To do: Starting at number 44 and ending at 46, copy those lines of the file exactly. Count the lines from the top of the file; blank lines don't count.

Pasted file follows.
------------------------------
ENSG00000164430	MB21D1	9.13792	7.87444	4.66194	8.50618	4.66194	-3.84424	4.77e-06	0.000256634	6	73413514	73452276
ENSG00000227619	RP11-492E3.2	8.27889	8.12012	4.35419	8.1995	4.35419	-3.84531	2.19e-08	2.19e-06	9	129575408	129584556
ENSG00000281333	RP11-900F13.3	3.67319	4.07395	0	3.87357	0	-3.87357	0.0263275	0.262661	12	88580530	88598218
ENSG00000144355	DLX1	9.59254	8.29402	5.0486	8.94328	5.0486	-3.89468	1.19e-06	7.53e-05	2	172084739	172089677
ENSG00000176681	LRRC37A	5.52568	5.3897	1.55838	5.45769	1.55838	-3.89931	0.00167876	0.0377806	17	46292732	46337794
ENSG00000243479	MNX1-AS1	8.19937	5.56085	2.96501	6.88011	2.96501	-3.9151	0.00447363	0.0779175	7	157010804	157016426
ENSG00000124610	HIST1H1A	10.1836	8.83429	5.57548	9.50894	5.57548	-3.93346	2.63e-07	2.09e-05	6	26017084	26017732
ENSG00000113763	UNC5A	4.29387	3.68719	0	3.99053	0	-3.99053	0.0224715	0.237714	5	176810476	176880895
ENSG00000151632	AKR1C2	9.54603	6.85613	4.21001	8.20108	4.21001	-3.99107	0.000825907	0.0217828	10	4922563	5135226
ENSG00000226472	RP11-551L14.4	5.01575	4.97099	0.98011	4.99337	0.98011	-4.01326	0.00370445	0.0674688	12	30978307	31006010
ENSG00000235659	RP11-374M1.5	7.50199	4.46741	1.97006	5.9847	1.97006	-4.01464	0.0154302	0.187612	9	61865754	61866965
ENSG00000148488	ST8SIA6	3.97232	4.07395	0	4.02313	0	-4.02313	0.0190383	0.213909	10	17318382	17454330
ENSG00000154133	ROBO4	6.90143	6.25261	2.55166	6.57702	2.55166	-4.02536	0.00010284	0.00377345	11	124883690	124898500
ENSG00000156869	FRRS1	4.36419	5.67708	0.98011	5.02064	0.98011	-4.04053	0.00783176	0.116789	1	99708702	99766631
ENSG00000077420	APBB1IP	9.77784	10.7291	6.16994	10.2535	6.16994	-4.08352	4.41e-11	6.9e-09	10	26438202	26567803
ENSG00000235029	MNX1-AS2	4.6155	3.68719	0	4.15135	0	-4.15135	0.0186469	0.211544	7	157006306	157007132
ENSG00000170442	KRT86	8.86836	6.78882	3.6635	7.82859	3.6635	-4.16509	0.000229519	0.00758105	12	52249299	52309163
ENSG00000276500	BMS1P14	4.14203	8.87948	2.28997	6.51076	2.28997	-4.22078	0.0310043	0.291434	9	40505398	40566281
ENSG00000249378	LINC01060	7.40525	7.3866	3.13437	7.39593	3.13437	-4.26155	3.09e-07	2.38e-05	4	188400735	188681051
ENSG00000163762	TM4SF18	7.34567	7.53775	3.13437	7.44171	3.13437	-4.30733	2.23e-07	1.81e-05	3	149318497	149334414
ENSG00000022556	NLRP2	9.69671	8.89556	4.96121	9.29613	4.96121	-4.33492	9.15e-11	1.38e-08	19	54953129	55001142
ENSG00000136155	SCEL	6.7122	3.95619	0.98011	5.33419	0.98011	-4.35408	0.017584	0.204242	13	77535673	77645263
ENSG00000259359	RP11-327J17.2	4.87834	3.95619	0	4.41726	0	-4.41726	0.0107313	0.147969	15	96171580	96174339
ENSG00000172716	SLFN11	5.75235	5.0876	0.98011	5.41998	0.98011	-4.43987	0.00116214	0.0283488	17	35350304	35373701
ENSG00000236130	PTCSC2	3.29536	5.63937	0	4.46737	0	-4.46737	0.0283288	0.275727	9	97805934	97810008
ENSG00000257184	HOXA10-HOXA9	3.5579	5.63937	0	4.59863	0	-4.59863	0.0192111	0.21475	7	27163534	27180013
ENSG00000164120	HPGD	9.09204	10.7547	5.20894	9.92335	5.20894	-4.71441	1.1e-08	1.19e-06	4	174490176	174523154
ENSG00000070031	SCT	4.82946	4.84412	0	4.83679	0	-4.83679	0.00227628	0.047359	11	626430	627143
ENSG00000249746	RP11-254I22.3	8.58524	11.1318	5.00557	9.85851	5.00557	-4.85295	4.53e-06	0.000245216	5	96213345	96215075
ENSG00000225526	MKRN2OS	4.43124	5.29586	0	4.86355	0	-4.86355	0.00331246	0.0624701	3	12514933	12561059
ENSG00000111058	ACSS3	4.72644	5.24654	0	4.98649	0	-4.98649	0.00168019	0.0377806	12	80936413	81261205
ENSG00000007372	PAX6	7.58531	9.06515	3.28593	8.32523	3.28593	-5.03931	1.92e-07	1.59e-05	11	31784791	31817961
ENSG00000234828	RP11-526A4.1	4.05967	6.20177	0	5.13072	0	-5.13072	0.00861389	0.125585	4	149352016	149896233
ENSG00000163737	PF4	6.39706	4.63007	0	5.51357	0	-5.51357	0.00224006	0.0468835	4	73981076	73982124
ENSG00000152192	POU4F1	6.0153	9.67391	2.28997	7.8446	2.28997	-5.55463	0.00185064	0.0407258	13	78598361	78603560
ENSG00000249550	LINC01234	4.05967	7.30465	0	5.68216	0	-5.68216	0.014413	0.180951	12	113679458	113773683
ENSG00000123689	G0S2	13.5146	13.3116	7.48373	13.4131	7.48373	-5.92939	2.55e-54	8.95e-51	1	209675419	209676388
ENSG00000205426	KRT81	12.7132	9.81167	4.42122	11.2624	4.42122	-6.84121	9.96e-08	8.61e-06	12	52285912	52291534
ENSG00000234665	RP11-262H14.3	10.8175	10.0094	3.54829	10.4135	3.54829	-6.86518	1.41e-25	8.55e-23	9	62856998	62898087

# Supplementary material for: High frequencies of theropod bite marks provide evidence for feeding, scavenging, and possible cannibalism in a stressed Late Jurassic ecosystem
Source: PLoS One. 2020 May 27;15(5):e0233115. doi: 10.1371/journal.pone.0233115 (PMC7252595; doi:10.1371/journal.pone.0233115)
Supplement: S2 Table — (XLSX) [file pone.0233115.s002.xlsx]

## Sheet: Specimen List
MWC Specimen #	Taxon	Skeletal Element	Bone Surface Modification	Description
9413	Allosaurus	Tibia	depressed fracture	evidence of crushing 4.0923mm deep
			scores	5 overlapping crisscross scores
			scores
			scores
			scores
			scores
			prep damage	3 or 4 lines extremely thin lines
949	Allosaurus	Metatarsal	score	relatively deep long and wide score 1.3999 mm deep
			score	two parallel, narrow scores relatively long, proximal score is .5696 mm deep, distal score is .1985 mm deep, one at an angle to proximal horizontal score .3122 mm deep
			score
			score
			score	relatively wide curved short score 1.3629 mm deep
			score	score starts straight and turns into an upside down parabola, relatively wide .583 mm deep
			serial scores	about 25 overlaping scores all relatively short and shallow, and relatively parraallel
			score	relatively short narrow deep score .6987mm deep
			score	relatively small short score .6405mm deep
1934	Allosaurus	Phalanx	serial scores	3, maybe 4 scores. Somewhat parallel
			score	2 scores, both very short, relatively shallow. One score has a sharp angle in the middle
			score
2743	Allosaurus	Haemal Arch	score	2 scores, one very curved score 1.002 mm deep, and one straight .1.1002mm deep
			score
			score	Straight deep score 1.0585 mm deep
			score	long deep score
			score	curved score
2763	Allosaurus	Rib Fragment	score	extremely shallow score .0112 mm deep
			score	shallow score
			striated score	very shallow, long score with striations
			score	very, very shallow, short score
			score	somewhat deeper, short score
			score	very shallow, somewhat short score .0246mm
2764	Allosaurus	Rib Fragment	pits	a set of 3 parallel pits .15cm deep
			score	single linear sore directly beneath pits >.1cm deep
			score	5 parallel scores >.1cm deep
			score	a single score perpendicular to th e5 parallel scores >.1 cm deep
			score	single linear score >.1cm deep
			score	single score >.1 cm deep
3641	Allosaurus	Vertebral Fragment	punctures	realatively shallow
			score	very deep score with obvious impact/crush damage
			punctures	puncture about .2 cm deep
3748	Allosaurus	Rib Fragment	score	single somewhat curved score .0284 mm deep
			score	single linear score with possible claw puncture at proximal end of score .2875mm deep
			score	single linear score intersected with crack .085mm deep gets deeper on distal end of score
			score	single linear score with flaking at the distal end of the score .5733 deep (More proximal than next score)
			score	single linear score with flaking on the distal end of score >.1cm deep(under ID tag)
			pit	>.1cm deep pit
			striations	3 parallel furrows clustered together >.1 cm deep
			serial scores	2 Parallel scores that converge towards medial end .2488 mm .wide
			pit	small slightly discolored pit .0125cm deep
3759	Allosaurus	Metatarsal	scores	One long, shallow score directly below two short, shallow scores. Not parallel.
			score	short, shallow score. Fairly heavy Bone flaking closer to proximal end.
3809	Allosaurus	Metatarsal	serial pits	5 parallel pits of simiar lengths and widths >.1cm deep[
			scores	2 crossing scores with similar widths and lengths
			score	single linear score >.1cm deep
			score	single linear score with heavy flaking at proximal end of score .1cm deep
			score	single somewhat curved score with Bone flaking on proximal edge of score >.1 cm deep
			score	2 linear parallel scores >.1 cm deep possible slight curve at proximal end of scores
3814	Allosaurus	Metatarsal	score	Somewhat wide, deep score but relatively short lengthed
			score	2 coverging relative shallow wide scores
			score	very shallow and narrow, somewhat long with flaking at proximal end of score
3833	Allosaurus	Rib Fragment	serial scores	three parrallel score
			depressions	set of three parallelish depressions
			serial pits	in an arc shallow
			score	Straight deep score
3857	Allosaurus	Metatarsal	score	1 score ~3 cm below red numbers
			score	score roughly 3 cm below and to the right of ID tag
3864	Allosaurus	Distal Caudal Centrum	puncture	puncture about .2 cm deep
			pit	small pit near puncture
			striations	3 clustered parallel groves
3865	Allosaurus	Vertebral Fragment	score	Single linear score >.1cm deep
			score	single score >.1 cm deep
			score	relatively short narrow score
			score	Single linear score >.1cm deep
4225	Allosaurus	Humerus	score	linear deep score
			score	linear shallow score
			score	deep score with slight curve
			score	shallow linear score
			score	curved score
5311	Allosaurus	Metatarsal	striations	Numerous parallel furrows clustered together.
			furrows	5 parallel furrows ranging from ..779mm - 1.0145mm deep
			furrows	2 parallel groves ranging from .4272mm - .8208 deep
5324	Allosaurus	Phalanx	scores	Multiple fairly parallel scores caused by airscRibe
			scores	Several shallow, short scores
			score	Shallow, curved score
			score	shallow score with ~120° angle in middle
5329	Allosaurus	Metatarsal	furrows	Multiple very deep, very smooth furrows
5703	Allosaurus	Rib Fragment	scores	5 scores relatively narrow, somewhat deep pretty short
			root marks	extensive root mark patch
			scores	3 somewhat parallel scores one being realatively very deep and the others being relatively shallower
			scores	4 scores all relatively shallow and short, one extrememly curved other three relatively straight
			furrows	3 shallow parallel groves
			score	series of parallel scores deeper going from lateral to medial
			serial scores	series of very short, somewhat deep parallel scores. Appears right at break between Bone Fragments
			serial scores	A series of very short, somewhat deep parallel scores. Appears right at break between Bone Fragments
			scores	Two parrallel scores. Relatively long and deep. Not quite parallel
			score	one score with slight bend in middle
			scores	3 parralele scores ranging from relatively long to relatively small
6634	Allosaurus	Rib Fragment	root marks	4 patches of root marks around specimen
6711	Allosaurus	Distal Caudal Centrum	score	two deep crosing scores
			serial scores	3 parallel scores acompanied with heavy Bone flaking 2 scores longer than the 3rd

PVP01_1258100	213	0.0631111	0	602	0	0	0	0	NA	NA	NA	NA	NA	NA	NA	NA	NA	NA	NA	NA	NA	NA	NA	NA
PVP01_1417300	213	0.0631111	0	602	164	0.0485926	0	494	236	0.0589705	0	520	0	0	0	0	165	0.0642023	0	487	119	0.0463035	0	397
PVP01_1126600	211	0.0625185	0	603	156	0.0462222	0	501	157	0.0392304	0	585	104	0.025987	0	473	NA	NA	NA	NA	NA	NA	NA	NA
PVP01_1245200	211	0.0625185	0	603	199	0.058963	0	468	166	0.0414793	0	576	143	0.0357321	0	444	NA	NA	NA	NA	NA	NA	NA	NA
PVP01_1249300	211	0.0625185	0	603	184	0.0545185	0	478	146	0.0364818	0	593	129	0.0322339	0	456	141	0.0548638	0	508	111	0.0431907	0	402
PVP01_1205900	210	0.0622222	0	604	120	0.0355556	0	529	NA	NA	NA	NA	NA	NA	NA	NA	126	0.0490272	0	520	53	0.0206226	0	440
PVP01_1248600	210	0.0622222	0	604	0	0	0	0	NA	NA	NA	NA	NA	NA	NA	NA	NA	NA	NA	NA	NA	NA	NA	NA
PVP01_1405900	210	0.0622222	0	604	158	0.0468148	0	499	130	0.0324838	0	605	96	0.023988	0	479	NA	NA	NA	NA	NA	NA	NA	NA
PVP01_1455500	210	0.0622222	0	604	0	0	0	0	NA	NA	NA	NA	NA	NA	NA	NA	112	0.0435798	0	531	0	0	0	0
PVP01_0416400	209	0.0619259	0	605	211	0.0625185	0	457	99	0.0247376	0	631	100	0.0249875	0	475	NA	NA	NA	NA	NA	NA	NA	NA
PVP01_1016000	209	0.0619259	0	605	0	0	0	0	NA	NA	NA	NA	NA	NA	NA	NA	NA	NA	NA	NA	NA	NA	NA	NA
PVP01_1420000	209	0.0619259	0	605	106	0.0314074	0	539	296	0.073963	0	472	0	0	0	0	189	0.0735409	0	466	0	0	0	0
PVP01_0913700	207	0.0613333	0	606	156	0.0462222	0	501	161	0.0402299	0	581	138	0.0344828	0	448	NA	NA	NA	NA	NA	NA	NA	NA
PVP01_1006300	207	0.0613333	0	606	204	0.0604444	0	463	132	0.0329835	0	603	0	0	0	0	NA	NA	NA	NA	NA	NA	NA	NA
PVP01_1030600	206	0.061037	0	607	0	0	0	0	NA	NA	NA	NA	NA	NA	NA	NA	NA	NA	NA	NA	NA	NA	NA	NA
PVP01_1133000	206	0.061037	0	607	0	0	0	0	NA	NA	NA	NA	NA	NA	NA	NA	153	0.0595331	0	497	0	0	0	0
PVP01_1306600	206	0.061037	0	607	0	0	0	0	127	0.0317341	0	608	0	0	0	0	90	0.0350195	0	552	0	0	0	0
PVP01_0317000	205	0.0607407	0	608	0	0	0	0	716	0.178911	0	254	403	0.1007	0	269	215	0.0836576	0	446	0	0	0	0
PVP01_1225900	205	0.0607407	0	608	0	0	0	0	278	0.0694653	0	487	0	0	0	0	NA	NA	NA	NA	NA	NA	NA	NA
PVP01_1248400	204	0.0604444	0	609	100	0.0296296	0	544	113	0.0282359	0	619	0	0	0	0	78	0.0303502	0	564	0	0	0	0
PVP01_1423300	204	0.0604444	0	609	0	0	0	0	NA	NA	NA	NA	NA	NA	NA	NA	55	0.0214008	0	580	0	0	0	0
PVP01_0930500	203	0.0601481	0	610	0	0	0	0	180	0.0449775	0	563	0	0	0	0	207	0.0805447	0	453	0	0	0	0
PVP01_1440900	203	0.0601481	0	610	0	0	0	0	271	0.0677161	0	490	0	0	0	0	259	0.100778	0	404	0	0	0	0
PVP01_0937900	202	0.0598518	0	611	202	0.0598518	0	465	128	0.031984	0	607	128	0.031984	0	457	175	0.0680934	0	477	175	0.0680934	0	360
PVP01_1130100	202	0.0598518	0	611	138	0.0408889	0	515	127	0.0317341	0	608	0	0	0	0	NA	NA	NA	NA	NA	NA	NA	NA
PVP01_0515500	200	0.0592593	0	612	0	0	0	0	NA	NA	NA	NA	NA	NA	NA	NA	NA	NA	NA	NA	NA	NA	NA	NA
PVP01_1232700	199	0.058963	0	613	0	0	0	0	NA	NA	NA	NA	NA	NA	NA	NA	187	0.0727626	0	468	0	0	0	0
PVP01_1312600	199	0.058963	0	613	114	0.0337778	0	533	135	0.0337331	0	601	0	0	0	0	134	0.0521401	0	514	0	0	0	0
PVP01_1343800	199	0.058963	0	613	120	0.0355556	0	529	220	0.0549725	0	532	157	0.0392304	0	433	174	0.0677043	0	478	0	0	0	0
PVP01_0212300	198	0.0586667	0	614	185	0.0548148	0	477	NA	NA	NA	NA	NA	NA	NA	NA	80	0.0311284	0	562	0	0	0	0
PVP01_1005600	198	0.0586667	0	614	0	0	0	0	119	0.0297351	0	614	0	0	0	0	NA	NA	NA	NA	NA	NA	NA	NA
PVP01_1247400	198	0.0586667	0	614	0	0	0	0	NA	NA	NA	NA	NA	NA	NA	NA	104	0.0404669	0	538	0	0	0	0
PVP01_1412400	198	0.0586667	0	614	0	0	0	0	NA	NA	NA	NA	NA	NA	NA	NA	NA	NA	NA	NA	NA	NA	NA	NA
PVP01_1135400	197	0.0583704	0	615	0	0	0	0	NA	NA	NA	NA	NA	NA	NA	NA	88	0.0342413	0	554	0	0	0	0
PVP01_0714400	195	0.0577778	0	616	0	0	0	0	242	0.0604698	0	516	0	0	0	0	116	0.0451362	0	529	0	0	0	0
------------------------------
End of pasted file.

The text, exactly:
MWC Specimen #	Taxon	Skeletal Element	Bone Surface Modification	Description
9413	Allosaurus	Tibia	depressed fracture	evidence of crushing 4.0923mm deep
			scores	5 overlapping crisscross scores